This entire storyline was phenomenal. I’m sure fans will now appreciate the slower pace of the first four episodes now, considering it allowed for the story to move significantly quickly here. I especially liked Alana questioning Mason on if he’s aware Pazzi will die, implying Mason has set up the whole fingerprint thing just to get Pazzi killed as so to avoid paying the bounty.
There were so many wonderful moments on display here that it’s hard to choose one as a highlight, so for this reason I’m going to choose the last 10 minutes of the episode simply because it covers the best (Pazzi’s death and Jack and Hannibal’s fight). Pazzi was always a doomed character, so his death didn’t come as a huge shock but it was nice to see that his death was lifted directly from the books; being hung outside the Palazzo with his bowels spilling into the street, just like his ancestor. Hannibal has always taken a more liberal approach to adapting Thomas Harris’s novels, so actually seeing a scene being adapted almost word for word came as a pleasant surprise. The death certainly showcased Hannibal’s flair for dramatic irony.
But what followed this scene was something else. It’s important to note that this is the first time one of the series regulars has had an encounter with Hannibal this season (not counting Will’s brief scene in the catacombs and Alana’s brief phonecall). We must also remember that the last time Jack and Hannibal fought, Hannibal won easily thanks to the element of surprise. Jack however had the element of surprise this time. Note how Jack has removed his shows to sneak up behind Hannibal undetected, Hannibal used this same track back in Season One to take Jack’s protégé Miriam Lass by surprise so it’s nice to see Hannibal falling afoul of his own tricks. The fight itself was shockingly brutal. We’re not used to seeing Hannibal on the receiving end of such brutality, so after three seasons it’s about time Hannibal lost for once. The scene was just magnificently shot, mixing slow motion with normal speed made every hit feel weighty, like it was doing true damage. I certainly wouldn’t expect Hannibal to be fully recovered from this encounter by the next episode.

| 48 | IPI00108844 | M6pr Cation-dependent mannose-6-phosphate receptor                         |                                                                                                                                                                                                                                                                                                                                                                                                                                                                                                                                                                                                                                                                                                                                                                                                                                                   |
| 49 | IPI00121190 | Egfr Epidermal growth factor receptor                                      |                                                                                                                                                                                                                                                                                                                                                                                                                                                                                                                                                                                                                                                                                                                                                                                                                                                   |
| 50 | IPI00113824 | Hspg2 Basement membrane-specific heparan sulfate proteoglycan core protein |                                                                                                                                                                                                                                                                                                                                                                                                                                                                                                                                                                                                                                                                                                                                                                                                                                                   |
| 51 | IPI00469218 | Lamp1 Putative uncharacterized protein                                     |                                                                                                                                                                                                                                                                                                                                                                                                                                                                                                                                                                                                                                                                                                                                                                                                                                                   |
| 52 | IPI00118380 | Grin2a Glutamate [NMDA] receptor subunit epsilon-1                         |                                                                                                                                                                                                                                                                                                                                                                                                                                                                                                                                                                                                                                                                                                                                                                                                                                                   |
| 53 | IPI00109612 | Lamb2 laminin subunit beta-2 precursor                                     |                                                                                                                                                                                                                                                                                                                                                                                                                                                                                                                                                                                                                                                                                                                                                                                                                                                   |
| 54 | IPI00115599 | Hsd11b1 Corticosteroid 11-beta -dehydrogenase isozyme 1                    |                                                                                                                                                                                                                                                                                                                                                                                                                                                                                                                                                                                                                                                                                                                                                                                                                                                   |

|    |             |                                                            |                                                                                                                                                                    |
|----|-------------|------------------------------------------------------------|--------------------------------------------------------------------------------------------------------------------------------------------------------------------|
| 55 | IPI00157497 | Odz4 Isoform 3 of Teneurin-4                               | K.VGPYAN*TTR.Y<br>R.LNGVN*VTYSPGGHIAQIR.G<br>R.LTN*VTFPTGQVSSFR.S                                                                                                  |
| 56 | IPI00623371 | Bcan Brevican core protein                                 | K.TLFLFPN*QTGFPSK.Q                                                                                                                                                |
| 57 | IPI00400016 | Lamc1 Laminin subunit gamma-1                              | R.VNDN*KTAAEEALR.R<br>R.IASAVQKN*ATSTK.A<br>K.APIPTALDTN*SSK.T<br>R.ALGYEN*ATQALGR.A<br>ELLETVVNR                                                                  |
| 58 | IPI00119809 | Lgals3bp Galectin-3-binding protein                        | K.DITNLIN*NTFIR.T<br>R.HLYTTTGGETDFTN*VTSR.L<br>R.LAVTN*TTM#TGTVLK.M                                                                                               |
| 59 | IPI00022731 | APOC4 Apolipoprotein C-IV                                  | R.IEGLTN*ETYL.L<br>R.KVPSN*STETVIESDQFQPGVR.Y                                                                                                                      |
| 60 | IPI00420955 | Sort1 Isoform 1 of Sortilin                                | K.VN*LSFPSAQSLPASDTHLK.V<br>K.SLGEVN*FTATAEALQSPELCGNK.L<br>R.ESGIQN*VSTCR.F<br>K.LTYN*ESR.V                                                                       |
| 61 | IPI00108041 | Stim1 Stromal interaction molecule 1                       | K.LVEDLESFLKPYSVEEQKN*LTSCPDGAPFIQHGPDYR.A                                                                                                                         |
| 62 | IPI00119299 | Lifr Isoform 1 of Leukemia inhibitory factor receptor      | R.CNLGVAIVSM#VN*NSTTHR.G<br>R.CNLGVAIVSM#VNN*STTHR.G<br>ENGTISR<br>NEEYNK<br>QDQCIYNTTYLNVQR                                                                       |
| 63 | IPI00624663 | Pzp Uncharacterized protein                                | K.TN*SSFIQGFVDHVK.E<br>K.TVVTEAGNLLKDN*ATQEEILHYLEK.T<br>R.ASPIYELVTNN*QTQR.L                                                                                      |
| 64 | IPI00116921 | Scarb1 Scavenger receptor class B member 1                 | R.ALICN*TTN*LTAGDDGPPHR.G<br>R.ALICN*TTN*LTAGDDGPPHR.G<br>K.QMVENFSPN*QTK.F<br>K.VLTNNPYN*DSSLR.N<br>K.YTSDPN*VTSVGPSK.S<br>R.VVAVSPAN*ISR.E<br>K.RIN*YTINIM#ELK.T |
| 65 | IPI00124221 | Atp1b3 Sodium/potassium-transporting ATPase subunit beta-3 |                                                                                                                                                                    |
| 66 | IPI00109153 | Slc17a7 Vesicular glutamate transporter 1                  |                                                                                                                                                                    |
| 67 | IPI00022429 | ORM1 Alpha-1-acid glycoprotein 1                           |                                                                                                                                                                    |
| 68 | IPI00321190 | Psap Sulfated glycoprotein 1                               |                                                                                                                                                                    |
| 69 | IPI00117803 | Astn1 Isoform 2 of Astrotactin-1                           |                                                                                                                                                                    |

I would say this was the second best episode of the Season yet. Antipasto was still the stronger episode, but Contorno moved the plot along significantly well and began to set all the pieces in place for an explosive conclusion to the first arc of this Season. With all the current storylines now beginning to converge in Florence, expect more big moments across the next two episodes. And if the upcoming reunions lead to more amazing sequences like the last ten minutes of this episode, then we’re in for a treat.